According to Mircea Eliade, shamanism is the mother and father of all the arts and the shaman is the prototype of the artist (Eliade, Shamanism: Archaic Techniques of Ecstasy, Princeton University Press: 1968). Ursula Le Guin (1929–2018) took it all the way home. She was a Magical Realist as much as a Science Fiction/Fantasy voice, especially in the case of her young adult fiction, in the vein of Phillip Pullman and Neil Gaiman, whose oeuvres inherited from her. For her, the personal, sociological, spiritual and ideological healing role of storytelling, in the shaman story sense that transmits ‘wonder tales’ or transformational narratives that have redeeming power and are numinous, was second nature.
Her parents were anthropologists and she grew up in Berkeley in the milieu of the university community. Her mother was the author of the seminal (“ovial”?) work on Ishi, the last known survivor of the Yahi tribe of Northern California (Theodora Kroeber: ‘Ishi In Two Worlds,’ University of California Press). “It seems the family is inextricably tied to Ishi, the man said to have been the last North American Indian roaming the wilds. As the tale goes, his Yahi tribe was hunted and massacred in the late 1800s until only a handful remained” (Ann Japenga, ‘Revisiting Ishi: Questions about discovery of the ‘last wild Indian’ haunt anthropologist’s descendants,’ LA Times, August 29, 2003).
While Le Guin never met him, he having died thirteen years prior to her birth, Ishi remained an abiding spiritual presence in the household, albeit a painful one. “Although enduring, the bond between the Kroebers and Ishi is clearly lopsided. Ishi was alone in an unfamiliar culture. He never told anyone his name (Kroeber dubbed him Ishi, meaning ‘man’ in the Yana language, the tribe to which the Yahi band belonged) or learned to speak more than a few hundred words in English.”
Her father, Alfred Kroeber, was curator of the Museum of Anthropology at UC San Francisco. (The museum later moved to UC Berkeley and became the Phoebe A. Hearst Museum of Anthropology.) He had probably saved the Native American’s life when he and a colleague sprang him from jail, Ishi having been jailed after emerging from the Mt. Lassen Hills in a desperate and emaciated condition. Ishi became the guest of the museum for the remainder of his life, with his life needs finally supported by the civilization that had reduced his tribe’s habitat, range, and hunter-gatherer livelihood to starvation levels. In return, he offered invaluable knowledge about his tribe and the realities of First Nations’ hunter gatherer societies, not only in Northern California, but across North America.
In 2003, Le Guin’s brothers, Karl and Clif Kroeber, published “Ishi in Three Centuries” (University of Nebraska Press). “In a sense, this was a family obligation,” says Le Guin, who lives in Portland. “Ishi is not a mystique or a fascination with our family. But when he became a hot topic again a few years ago, my brothers picked up the football. I think they felt obliged to.” Native American writer and UC Berkeley American Studies professor Gerald Vizenor predicts the obligation will persist: “You could say the two families came together by chance and they’ll always be together historically.” (Le Guin to Japenga, ‘Revisiting…,’ in the LA Times, August 29, 2003)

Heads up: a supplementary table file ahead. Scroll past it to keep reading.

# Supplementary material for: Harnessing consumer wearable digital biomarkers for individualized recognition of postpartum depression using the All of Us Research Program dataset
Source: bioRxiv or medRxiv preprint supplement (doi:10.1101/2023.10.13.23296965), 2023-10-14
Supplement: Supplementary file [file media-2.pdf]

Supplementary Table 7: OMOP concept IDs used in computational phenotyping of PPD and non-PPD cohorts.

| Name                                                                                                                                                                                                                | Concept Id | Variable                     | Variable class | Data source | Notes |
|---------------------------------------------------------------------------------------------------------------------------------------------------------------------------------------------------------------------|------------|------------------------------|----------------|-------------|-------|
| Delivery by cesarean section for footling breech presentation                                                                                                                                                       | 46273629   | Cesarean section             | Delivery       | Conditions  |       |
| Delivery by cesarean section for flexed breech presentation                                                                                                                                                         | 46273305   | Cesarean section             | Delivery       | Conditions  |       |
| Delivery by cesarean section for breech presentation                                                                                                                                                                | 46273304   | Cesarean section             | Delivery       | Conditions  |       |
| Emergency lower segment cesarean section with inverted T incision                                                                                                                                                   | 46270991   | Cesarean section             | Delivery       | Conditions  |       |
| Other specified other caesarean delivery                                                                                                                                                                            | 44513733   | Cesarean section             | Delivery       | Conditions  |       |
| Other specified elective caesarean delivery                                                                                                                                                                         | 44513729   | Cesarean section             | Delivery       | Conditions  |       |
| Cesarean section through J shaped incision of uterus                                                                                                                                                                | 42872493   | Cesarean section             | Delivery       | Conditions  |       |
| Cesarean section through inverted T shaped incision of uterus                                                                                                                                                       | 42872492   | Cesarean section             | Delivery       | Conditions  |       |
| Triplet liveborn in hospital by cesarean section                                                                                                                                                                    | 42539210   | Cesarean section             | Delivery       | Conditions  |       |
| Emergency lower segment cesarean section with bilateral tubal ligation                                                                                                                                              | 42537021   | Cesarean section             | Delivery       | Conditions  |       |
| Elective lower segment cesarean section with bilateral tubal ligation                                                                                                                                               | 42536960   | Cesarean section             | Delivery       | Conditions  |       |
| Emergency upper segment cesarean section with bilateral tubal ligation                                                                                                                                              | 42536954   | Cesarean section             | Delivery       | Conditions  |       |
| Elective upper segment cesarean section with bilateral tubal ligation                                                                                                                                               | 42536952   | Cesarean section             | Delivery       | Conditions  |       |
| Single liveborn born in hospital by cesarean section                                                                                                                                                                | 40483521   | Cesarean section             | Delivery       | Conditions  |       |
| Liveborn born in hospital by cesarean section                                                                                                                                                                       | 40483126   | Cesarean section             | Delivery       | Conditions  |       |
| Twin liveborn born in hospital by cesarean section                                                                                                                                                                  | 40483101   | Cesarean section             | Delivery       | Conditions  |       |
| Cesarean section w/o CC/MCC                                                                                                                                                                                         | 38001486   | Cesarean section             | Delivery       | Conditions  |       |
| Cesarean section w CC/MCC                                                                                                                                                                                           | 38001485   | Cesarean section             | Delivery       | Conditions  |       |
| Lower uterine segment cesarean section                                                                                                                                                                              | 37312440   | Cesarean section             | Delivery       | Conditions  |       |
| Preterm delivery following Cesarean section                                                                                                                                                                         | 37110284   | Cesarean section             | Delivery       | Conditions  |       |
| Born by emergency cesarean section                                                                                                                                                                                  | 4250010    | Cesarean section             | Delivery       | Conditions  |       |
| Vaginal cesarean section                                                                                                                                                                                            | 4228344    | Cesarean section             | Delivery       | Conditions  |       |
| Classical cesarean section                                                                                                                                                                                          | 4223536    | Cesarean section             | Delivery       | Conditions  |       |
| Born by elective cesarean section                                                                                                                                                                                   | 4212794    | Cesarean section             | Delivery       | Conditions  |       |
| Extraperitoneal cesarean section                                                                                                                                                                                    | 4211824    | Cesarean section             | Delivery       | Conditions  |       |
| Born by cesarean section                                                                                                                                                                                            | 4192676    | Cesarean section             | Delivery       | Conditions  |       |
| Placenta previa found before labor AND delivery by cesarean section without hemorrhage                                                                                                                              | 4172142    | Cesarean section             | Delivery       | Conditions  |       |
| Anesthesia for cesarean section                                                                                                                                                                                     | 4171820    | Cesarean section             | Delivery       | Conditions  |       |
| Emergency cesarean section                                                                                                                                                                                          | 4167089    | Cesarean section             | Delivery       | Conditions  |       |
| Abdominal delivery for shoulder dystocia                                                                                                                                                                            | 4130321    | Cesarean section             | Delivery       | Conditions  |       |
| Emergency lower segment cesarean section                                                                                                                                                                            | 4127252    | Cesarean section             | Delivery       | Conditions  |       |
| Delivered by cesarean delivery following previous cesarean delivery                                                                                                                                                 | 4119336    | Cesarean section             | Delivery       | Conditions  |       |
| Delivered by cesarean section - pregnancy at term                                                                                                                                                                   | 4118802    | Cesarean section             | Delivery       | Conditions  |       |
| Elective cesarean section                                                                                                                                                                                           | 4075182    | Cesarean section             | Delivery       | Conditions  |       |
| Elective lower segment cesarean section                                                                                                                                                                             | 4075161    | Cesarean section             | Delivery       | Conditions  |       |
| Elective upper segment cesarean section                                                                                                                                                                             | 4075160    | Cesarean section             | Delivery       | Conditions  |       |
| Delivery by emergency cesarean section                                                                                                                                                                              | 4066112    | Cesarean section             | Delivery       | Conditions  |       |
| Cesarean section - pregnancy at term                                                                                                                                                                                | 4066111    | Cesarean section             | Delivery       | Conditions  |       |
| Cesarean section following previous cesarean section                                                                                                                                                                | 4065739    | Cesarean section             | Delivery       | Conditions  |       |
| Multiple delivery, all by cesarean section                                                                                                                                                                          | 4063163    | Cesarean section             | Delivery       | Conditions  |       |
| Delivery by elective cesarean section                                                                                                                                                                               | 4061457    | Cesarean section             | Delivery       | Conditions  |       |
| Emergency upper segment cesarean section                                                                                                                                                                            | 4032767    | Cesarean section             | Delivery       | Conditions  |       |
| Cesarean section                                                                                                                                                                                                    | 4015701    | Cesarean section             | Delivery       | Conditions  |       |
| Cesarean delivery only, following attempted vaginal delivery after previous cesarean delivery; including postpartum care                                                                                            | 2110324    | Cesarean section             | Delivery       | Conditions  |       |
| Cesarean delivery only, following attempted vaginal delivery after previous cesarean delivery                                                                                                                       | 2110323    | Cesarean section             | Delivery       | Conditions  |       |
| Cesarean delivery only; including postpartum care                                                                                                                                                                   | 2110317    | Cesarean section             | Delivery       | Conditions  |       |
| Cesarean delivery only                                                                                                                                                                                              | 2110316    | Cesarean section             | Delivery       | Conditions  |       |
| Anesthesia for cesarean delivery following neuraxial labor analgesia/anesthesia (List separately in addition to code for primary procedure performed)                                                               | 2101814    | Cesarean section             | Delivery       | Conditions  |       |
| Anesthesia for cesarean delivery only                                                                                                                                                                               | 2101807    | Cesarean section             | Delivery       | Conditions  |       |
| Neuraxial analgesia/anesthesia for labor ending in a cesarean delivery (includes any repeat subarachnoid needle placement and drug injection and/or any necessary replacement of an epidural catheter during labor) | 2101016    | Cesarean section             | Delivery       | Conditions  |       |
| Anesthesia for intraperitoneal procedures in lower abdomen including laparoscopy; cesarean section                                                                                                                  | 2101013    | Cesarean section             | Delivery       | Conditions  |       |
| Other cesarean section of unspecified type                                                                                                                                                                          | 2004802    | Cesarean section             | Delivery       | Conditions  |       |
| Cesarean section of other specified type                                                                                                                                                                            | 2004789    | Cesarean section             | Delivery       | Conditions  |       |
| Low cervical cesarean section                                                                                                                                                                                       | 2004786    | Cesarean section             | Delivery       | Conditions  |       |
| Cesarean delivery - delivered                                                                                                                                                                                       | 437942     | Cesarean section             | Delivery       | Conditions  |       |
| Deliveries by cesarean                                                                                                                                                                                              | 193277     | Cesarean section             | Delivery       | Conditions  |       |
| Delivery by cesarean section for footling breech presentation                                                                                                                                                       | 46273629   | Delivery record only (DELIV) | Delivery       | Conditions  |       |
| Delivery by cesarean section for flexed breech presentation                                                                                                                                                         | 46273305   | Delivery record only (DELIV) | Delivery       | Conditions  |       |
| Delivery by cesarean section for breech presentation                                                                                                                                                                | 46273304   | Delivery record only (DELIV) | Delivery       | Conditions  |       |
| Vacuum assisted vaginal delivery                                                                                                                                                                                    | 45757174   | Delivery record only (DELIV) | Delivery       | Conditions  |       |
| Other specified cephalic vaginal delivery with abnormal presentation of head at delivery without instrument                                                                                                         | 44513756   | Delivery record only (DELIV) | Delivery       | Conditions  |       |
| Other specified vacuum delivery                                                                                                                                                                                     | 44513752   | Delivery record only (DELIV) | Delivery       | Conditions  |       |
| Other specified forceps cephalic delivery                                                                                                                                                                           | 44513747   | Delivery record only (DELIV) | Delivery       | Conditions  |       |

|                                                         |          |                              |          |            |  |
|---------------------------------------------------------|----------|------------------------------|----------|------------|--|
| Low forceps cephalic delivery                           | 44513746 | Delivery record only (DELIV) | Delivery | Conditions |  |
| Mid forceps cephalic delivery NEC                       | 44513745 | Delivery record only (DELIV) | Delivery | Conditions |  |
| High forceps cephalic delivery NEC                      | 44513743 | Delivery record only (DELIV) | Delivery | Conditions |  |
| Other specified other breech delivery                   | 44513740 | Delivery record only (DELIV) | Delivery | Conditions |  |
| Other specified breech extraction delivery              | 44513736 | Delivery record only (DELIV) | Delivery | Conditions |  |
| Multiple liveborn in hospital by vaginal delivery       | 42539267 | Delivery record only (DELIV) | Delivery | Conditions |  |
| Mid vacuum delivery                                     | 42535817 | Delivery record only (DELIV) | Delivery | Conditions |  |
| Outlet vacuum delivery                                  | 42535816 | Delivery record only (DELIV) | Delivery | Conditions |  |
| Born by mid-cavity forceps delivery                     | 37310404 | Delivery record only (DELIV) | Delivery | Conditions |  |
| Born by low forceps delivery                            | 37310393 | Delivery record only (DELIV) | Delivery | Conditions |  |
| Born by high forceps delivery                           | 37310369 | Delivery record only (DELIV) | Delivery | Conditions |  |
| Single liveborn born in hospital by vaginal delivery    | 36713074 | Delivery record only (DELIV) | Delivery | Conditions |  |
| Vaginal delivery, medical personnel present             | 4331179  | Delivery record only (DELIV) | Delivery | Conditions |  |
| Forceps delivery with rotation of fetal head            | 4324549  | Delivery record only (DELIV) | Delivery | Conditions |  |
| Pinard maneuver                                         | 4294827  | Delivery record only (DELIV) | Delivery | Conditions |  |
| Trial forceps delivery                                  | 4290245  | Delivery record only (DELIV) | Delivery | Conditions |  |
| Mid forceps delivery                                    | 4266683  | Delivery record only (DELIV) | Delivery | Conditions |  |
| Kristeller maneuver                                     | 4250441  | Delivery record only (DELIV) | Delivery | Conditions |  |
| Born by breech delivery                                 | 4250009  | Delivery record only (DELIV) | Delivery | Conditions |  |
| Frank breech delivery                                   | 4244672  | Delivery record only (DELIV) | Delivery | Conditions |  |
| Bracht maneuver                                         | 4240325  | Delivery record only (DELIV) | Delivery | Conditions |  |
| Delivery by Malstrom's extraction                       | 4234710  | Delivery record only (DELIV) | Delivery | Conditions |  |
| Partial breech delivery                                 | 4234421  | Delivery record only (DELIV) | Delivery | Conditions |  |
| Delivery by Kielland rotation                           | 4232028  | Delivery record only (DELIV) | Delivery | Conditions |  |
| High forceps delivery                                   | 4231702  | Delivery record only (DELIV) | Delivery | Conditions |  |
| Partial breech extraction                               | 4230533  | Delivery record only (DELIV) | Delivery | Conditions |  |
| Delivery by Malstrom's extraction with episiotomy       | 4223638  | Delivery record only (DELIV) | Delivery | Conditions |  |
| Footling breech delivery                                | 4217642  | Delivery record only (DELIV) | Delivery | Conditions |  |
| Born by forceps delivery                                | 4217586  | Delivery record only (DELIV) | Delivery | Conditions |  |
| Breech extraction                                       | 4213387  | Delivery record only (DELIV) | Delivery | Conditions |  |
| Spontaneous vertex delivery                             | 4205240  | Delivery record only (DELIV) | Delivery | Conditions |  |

Le Guin’s family involvement with presenting the plights of endangered individuals, species, societies, habitats, spiritualities, and alternative ideologies of survival and sustainability has fed her word paintings and narratives among a mind-bending range of past and future centuries and hypothetical worlds. But primarily, she was her own invention, not anthropologist but maestra of the transforming art of storytelling — not scientist nor theorist, but self-created artist and actualized mage. Not solely Green, nor simply Feminist, hers was a uniquely androgynous, multi-perspectival, trans-cultural, time-hopping, cosmological Voice.
She’s authored over ninety-five discrete publications and has been lauded for her literary works in many genres. Her works have received intense critical attention, with scores of volumes of literary criticism and dissertations dedicated to her oeuvre. She’s received nearly every award going, both within her field and without. Feminist critiques of her writing are ongoing. Her last publication was a 2017 collection of non-fiction, titled No Time to Spare: Thinking About What Matters. Her groundbreaking insights on sex and gender, social exclusions, race and ‘otherizing’ have fuelled countless scholarly discourses. Critics such as Harold Bloom have referred to her novels as “masterpieces,” and she was referred to by scholar Donna White as a “major figure in American letters.” (White, Donna (1999). Dancing with Dragons: Ursula K. Le Guin and the Critics. Columbia, South Carolina, US: Camden House.)
The quote in the Facebook meme above embodies the inspirited message animating all her works:
The works of humankind are all constructed. It’s all art and artifacts. Civilization, society and hierarchies are artifacts, human made constructs. Therefore, we can deconstruct and, more importantly, reconstruct them, the resistance of the status quo notwithstanding. While our societal constructs do, certainly, ‘grow legs’ and take on ideational lives of their own, they can be cultivated, re-crafted, re-designed, refined and evolved — consciously and conscientiously.
Her every word was in aid of that message, that song of human and humane artistic/shamanic empowerment.